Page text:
Shiv Sankar is a second-year student and George Daniel George is a third-year student at National Law University Odisha.
ESG investing is a socially responsible investment technique that prioritises a company’s impact on a set of environmental, social, and governance norms for company operations, its stakeholders, and the planet in addition to financial rewards. ESG investing originated from investment philosophies on sustainability which later expanded its branch to socially responsible investing. The early ESG methodology concentrated on eliminating firms from portfolios that had a negative impact. Moving a step further, the current technique favours notable companies that are pitching favourable contributions to ESG elements by recognizing environmental and social issues as essential elements of strategic positioning. Many investors and policymakers have taken notice of the staggering growth of ESG investing and potential returns since, amid the market volatility created by the COVID-19 pandemic, many companies with good ESG track records displayed lower volatility than their non-ESG competitors.
Due to the staggering growth of ESG, there is a lacuna that policymakers and regulators have to fill because based on recent findings, rating agencies are not acting in good faith while preparing the ratings for companies. During the 2008 financial crisis, rating agencies played a significant part in the downward spiral that caused the United States housing bubble to burst. These rating agencies assist both parties and governments since they cover information gaps about investment products. Rating agencies also play an essential role in the financial system since they assist investors in determining the quality of economic goods. This rating fiasco could result in a slew of unprecedented events, such as a bubble burst or a crash.
If these companies continue selling products that do not have a true value, then the whole idea of ESG investing gets tampered with, and it just results in paving the path for marketing these products.
The ESG Bubble
The worldwide ESG industry is valued at roughly $40 trillion, and estimates show that by 2025, it will be worth around $50 trillion. Countries all over the world are surging into this investing strategy, and the catalyst for this growth has been the consistent returns even in volatile markets. The growth in figures demonstrates that both investors and companies are heading in the right direction in terms of sustainability.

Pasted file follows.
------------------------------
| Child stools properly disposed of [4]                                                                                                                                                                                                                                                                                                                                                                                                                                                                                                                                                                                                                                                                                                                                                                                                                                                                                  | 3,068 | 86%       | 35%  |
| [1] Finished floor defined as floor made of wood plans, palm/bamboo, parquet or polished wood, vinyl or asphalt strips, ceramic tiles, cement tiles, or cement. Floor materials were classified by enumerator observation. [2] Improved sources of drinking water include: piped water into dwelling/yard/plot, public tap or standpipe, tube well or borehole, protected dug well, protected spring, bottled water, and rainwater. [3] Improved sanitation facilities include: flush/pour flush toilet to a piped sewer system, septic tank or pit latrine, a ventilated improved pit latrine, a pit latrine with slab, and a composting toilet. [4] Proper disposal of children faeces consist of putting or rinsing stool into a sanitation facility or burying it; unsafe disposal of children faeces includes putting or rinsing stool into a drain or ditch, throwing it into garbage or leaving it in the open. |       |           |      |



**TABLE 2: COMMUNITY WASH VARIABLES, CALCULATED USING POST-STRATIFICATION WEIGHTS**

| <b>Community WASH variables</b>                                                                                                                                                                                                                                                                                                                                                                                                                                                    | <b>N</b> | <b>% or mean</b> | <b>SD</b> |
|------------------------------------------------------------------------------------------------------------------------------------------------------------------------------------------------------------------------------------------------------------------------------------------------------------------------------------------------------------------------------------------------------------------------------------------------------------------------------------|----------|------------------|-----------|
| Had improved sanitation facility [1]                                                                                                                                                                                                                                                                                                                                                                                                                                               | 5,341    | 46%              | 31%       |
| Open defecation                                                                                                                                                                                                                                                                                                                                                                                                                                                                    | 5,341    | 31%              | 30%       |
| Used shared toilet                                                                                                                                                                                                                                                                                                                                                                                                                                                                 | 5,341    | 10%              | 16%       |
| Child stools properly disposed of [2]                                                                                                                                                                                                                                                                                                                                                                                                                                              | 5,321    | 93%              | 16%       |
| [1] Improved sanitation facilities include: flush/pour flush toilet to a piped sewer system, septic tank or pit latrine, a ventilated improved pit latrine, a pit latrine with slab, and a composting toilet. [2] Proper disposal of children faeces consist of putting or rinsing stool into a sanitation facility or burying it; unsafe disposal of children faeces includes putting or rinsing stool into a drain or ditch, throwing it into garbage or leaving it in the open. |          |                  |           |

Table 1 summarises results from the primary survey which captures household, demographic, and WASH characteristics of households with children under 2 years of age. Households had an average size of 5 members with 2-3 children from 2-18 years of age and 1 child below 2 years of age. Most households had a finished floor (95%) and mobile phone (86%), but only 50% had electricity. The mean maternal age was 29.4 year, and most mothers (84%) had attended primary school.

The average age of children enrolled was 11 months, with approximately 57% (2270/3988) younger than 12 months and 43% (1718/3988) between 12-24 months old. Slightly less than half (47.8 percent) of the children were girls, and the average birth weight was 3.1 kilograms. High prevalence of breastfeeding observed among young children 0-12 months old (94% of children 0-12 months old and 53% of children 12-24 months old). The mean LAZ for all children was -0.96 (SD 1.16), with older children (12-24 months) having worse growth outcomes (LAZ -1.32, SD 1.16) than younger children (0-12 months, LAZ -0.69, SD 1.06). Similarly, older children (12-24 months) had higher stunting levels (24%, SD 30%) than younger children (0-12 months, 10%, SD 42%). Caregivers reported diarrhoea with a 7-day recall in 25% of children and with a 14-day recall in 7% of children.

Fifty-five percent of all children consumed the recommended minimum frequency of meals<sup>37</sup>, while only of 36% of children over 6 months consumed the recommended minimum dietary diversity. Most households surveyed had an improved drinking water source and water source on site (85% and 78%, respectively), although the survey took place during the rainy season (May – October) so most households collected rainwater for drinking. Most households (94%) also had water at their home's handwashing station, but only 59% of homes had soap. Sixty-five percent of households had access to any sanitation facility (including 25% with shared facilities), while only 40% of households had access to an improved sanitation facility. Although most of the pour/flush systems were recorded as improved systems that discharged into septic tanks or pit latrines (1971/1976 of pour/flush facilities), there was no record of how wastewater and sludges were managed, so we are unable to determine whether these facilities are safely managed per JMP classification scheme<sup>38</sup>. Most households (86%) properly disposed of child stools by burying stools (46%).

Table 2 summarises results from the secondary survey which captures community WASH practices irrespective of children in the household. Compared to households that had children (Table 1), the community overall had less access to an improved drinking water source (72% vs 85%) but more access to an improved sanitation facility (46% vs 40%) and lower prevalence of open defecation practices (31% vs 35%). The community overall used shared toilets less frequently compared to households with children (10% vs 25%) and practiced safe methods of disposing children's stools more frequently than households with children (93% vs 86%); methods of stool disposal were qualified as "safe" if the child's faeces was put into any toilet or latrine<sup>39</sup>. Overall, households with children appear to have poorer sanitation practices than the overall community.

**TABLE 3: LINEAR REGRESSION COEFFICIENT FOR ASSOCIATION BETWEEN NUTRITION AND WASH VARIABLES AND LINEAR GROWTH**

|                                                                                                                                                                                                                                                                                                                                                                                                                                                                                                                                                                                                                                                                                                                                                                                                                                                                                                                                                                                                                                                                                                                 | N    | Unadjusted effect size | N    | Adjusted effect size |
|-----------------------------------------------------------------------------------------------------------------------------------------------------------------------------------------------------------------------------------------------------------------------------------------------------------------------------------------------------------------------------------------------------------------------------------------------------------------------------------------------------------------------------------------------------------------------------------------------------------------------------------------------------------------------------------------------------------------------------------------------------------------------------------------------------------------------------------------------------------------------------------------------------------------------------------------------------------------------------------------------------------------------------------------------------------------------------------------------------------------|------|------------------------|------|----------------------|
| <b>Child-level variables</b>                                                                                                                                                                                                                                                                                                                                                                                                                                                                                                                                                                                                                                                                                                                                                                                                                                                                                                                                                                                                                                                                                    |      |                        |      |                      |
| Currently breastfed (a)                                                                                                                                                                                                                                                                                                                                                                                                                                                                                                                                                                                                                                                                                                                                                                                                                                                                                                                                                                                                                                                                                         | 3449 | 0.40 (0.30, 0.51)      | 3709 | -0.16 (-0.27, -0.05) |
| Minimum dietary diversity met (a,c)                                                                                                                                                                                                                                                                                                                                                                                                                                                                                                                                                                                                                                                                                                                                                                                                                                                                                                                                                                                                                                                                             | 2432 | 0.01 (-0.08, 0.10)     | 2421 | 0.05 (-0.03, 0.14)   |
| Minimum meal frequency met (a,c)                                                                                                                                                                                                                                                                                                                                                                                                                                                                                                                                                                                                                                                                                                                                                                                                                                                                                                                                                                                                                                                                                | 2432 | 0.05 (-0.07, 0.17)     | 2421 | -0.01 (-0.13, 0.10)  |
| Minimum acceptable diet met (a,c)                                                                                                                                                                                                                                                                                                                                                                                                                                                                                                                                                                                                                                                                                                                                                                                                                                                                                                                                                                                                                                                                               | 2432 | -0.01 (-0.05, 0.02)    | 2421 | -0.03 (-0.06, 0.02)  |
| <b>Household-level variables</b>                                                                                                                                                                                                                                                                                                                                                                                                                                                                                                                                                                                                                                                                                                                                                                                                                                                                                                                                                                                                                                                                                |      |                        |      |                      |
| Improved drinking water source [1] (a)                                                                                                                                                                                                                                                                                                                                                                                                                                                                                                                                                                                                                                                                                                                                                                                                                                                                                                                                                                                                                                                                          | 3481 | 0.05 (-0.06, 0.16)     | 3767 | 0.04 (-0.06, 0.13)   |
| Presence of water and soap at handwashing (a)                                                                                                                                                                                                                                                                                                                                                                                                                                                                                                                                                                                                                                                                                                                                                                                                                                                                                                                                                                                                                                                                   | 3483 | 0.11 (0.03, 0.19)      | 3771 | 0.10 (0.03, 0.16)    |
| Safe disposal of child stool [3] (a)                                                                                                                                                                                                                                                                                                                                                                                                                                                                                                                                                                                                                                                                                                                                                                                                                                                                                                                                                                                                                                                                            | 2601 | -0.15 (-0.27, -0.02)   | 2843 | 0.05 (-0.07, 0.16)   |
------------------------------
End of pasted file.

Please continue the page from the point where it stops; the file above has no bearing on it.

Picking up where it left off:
There are various rating agencies and a few dominate the landscape making the data regulated. MSCI’s dominance in the domain of ESG ratings is immense; estimates suggest that 60 percent of all retail investors’ money has gone into sustainable or ESG funds built on MSCI’s ratings. However, the majority of retail investors do not understand what goes into ESG fund ratings and what all substantiates the ratings. As these ratings are primarily unregulated it is not possible to set a standard rating procedure for different companies. MSCI ranks the company based on an aggregate score that is turned into ratings that resemble credit ratings. Hence MSCI is accountable for what it rates as it represents a heavy fraction of the data that investors rely on. According to the Bloomberg Investigation, of the 150 companies they investigated, which also got the rating upgrade, half of the companies got their rating upgrade without any particular change but for merely standing still because MSCI changed its methodology and tailored the ratings where the factors were playing out in the company’s favour.
When McDonald’s was under the lens, a company that has an aggregate carbon emission that is more than the whole country of Norway or Portugal got its ESG ratings improved in April 2021. MSCI rating report upgraded it from a BB to BBB, by reducing the weight of emission from a mere 5 % to 0% and instead replacing it with a new initiative that the company launched around recycling bins that were installed at select locations in the UK and France just because there was a case of heavy littering in the streets where the fast-food giant was present, as there was a threat of regulation.
Following the Paris Agreement in late 2015, JP Morgan Chase decided to bet against green drive and acquired more bonds for fossil fuel companies, resulting in higher fees than any other bank in the world. However, JP Morgan recently self-described green credentials that were mentioned in the rating assessment, which included the formation of a committee on green projects. The green bonds were valued at $14.6 billion. This measure led MSCI to improve its rating from BBB in December 2020. The report and assessment made no mention of the bet against green energy.